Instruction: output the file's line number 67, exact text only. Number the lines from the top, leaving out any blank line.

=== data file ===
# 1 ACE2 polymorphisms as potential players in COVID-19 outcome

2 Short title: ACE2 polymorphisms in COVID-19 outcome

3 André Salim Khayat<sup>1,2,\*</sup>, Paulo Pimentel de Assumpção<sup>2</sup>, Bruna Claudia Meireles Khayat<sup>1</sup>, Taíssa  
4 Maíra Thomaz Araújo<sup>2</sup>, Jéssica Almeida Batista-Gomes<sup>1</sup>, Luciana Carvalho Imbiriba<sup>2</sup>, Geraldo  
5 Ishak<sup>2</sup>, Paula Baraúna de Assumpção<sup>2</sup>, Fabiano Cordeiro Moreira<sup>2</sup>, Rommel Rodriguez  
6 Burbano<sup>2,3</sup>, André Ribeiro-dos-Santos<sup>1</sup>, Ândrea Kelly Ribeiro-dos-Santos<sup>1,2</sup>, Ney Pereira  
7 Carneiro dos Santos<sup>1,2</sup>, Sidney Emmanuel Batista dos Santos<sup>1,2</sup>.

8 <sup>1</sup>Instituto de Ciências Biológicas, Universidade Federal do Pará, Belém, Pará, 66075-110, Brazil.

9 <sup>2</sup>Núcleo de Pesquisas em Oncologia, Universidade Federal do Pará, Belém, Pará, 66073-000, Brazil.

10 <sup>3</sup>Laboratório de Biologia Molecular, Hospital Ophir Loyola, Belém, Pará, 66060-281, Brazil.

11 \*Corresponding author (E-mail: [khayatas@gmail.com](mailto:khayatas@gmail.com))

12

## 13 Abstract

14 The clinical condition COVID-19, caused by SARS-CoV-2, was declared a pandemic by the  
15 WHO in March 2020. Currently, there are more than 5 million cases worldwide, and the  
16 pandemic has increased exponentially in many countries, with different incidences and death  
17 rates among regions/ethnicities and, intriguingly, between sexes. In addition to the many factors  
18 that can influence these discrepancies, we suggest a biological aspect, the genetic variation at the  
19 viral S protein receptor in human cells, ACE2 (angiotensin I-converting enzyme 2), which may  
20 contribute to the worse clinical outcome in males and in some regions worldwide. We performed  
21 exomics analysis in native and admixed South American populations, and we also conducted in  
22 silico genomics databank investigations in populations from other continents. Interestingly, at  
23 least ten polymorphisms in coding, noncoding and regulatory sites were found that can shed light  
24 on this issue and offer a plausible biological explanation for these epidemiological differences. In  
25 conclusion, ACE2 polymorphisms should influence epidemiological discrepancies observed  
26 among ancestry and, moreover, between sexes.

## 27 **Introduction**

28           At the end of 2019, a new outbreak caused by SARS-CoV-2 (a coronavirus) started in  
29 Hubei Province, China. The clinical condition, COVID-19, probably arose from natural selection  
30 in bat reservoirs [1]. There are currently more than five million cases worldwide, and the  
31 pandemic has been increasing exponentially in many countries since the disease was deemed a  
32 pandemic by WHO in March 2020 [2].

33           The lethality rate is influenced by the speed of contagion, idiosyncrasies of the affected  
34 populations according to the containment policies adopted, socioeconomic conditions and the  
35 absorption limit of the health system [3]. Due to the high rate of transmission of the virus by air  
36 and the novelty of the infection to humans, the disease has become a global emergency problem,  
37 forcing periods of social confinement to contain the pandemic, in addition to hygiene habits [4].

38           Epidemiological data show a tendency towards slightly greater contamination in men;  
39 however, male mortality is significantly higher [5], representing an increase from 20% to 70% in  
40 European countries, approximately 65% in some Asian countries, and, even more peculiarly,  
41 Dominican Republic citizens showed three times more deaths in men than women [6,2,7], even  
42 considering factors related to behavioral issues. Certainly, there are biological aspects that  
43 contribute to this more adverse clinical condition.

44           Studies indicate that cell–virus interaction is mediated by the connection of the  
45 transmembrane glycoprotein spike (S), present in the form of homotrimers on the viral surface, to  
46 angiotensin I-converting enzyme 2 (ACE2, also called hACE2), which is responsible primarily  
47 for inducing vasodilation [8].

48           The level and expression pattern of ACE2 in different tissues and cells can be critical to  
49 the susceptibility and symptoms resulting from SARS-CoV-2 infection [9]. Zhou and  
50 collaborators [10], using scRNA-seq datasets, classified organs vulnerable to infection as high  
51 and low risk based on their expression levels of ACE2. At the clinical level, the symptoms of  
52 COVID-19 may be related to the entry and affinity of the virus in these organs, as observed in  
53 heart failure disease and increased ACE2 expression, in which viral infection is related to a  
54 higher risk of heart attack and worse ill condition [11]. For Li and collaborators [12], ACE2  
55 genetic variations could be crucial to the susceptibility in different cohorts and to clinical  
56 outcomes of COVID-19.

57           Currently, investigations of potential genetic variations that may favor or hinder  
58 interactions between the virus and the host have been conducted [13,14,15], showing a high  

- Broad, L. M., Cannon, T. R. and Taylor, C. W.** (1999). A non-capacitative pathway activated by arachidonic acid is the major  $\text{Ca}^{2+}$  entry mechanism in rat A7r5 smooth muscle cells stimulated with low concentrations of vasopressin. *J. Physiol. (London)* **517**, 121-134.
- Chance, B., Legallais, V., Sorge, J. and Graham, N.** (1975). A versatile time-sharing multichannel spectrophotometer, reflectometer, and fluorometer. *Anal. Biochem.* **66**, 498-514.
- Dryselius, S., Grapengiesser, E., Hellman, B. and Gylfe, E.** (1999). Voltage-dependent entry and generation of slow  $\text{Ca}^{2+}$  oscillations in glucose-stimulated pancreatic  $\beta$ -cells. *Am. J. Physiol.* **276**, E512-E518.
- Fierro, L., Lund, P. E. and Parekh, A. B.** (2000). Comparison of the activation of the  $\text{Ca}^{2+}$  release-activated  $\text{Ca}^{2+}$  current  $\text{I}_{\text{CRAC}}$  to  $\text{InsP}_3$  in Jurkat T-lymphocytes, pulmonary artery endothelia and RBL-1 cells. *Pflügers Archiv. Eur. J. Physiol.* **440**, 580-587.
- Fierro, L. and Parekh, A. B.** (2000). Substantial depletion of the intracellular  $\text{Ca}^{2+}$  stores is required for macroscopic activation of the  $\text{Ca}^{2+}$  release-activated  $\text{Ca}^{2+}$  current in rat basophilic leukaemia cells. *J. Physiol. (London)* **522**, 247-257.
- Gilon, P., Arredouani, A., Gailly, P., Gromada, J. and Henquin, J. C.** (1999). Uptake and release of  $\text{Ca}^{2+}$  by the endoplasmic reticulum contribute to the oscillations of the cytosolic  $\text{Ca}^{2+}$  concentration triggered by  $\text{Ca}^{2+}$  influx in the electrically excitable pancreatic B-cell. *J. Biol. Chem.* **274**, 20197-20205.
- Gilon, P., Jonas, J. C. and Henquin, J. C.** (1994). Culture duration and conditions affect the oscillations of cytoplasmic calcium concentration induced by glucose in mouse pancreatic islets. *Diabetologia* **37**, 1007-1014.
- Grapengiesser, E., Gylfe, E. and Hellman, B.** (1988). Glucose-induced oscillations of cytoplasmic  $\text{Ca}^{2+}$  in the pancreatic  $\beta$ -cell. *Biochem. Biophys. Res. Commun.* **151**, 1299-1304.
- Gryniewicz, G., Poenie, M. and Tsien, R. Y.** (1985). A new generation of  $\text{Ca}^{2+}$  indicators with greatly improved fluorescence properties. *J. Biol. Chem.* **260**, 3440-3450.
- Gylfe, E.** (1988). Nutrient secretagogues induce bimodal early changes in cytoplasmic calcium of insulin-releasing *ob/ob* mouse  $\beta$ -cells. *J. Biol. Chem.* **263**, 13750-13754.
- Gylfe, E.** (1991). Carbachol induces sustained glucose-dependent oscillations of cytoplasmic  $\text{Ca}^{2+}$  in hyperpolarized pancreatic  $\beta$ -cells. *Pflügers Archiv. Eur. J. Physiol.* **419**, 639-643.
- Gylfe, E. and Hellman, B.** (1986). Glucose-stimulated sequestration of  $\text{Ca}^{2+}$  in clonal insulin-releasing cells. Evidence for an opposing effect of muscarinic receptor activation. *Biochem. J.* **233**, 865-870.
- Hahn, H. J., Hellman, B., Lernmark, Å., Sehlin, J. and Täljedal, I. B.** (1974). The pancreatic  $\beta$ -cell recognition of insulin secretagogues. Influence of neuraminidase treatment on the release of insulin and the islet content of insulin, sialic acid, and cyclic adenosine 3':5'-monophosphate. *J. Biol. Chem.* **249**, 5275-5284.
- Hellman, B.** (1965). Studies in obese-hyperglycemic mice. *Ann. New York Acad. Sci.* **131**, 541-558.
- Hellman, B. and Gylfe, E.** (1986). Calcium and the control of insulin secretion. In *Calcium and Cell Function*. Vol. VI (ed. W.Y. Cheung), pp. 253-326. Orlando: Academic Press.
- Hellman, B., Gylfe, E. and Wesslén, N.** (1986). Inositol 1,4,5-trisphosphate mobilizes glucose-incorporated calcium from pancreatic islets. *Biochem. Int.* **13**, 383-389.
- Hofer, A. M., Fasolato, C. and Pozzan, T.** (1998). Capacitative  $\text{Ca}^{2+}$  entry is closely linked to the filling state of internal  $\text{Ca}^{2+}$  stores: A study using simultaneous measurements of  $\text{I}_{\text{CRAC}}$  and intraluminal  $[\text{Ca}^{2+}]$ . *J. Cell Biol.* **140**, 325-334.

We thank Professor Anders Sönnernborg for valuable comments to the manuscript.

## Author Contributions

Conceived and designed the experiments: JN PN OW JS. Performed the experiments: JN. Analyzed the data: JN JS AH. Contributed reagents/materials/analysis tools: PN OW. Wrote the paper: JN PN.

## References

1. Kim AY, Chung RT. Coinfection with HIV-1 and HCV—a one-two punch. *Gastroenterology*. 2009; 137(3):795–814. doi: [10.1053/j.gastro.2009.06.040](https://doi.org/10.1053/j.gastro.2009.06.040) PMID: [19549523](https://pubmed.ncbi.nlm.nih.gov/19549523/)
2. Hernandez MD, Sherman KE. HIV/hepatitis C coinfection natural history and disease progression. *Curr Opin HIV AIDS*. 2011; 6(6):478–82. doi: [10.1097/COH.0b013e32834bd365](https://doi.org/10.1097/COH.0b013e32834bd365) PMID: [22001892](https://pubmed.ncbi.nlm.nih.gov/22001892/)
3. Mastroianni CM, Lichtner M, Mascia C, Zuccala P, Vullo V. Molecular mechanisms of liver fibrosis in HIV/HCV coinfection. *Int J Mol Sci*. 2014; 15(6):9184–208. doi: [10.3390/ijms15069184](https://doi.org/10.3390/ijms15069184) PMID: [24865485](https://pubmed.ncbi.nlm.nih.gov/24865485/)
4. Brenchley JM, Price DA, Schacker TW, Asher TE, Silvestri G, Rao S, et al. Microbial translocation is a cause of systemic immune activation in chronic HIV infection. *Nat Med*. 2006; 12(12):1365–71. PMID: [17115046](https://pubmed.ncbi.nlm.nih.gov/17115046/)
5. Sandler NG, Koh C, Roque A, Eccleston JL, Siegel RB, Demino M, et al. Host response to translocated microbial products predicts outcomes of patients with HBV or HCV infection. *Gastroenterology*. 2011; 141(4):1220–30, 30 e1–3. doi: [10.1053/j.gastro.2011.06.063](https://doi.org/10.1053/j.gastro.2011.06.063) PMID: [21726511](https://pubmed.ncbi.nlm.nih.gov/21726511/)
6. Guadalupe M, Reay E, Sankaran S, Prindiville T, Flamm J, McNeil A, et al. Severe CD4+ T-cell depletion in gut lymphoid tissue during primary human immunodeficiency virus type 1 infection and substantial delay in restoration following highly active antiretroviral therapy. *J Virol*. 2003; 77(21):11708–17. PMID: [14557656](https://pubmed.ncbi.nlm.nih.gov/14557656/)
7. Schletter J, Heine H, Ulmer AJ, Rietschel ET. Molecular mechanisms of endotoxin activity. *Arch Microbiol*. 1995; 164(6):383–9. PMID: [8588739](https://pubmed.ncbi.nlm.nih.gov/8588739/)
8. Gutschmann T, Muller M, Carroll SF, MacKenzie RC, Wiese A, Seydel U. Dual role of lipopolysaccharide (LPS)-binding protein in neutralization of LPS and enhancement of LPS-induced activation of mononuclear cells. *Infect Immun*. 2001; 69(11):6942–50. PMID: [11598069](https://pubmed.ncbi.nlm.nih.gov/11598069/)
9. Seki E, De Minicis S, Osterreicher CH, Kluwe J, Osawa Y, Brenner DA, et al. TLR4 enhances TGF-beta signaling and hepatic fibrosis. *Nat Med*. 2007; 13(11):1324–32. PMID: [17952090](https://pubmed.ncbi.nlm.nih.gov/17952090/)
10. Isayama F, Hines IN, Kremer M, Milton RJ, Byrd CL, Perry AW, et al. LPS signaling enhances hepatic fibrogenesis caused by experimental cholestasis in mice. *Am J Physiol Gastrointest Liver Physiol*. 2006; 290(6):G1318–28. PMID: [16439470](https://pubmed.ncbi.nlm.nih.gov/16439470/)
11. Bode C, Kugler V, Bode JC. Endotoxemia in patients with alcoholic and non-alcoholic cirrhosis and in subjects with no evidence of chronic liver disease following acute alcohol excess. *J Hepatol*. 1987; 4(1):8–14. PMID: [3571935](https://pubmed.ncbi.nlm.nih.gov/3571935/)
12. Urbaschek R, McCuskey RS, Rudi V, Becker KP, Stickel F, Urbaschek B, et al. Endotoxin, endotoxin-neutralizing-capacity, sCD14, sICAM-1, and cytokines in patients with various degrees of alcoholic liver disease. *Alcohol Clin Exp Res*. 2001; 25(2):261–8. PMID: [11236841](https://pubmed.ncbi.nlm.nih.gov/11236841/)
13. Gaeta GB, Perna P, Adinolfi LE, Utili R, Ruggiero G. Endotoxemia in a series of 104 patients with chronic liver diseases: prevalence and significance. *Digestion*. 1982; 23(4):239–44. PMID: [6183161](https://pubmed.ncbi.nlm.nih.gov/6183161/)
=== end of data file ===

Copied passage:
- Gryniewicz, G., Poenie, M. and Tsien, R. Y.** (1985). A new generation of  $\text{Ca}^{2+}$  indicators with greatly improved fluorescence properties. *J. Biol. Chem.* **260**, 3440-3450.